Step  3. TGLL implies that there is a constant such that is the graph of a function whose x-axis direction is parallel to and this function is Lipschitz with Lipschitz constant .

Since is uniformly continuous, there will be a such that if , then . Define . Define . Then is the graph of a Lipschitz function with Lipschitz constant at most when is used as the x-axis direction. That is, for all , is TGLL with Lipschitz constant for disks of radius . The result follows by Lemma 22.

341910.fig.007
Figure 7: TGLL implies TCGL: notation.

4. Derivatives of

Lemma 26. Using the notation of Figure 6, we have . That is, the derivative exists and equals the length of the curve .

Proof. We have the following (see Figure 8): This difference of areas can be modeled by the difference in the circular sectors of and with angle . The actual area depends on the image of outside of , but this correction will be a subset of the circular segment of which is tangent to at the point exits. This has area by Lemma 21.

Thus we have

341910.fig.008
Figure 8: Deriving as the arclength of the circular segment.

Lemma 27. Using the notation of Figures 6 and 9, one has .

341910.fig.009
Figure 9: Deriving as the difference in heights of the entry and exit points.

Proof. We have The situation is illustrated in Figure 9 where we can see that the area being added as we go from to is the shaded region on the right with height and, considering first-order terms only, uniform width so has area . Similarly, we are subtracting the area on the left. Therefore, we have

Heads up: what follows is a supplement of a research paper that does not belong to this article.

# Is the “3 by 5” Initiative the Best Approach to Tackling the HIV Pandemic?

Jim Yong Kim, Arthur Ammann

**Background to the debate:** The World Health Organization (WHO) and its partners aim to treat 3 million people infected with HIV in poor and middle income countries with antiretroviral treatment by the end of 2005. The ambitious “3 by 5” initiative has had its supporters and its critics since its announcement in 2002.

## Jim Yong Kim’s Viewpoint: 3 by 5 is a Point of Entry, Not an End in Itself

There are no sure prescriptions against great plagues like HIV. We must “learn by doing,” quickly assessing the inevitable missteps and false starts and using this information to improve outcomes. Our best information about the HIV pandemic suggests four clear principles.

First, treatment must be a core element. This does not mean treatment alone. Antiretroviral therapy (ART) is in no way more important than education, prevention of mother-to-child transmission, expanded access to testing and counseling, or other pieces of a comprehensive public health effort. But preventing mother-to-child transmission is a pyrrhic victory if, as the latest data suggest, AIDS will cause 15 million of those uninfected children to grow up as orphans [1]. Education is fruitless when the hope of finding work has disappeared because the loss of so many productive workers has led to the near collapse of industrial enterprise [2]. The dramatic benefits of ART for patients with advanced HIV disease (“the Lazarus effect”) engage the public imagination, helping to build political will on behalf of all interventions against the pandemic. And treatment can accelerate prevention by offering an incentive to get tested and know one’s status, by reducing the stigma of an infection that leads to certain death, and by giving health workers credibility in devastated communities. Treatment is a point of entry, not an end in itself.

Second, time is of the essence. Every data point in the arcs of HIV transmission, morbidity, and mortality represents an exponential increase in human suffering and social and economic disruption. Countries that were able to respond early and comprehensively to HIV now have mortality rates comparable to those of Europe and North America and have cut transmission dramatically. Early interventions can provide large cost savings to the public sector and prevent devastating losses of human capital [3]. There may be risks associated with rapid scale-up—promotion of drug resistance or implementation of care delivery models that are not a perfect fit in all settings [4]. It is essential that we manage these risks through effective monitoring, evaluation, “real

5. Reconstructing Shapes from T-Like Data

In this section, we consider the case where nonasymptotic densities and first derivatives are known along a T-shaped set (i.e., for all with a fixed radius and for all with a fixed ). We show that this information is sufficient to guarantee reconstructability modulo reparametrizations, translations, and rotations.

Lemma 28. Assume that is TGL for (and thus all ). Then if one knows , , and for , one can reconstruct for all modulo reparametrizations, translation, and rotations (see Figure 10).

341910.fig.0010
Figure 10: T-like data: we restrict the domain of to a fixed radius plus any vertical segment from to .

Proof. As was shown in Section 4, gives us the length of the arc and tells us precisely what position this arc is along with respect to the direction . The assumption of TGL for implies TGL for (see Remark 15) and this implies that has the 2-arc property and transverse intersections with for all disks corresponding to . Since we care only about reconstructing a curve isometric to the original curve, we choose and . Taken together, and locate both points in for all . This yields . Now, simply increase , sliding the center of a disk of radius along , using to find the element of outside , and using the fact that the other element of is inside and known. This process can be continued until the entire curve is traced out in .

6. TCGL Polygon Is Reconstructible from and without Tail

Theorem 29. For a tangent-cone graph-like polygon , knowing , , and for all and a particular for which is tangent-cone graph-like is sufficient to completely determine up to translation and rotation; that is, one can recover the side lengths and angles of .

Proof. For a given and where and exist, we can use them to obtain as the length of the circular arc between the entry and exit points by Lemma 26 and as the difference in heights of the entry and exit points by Lemma 27.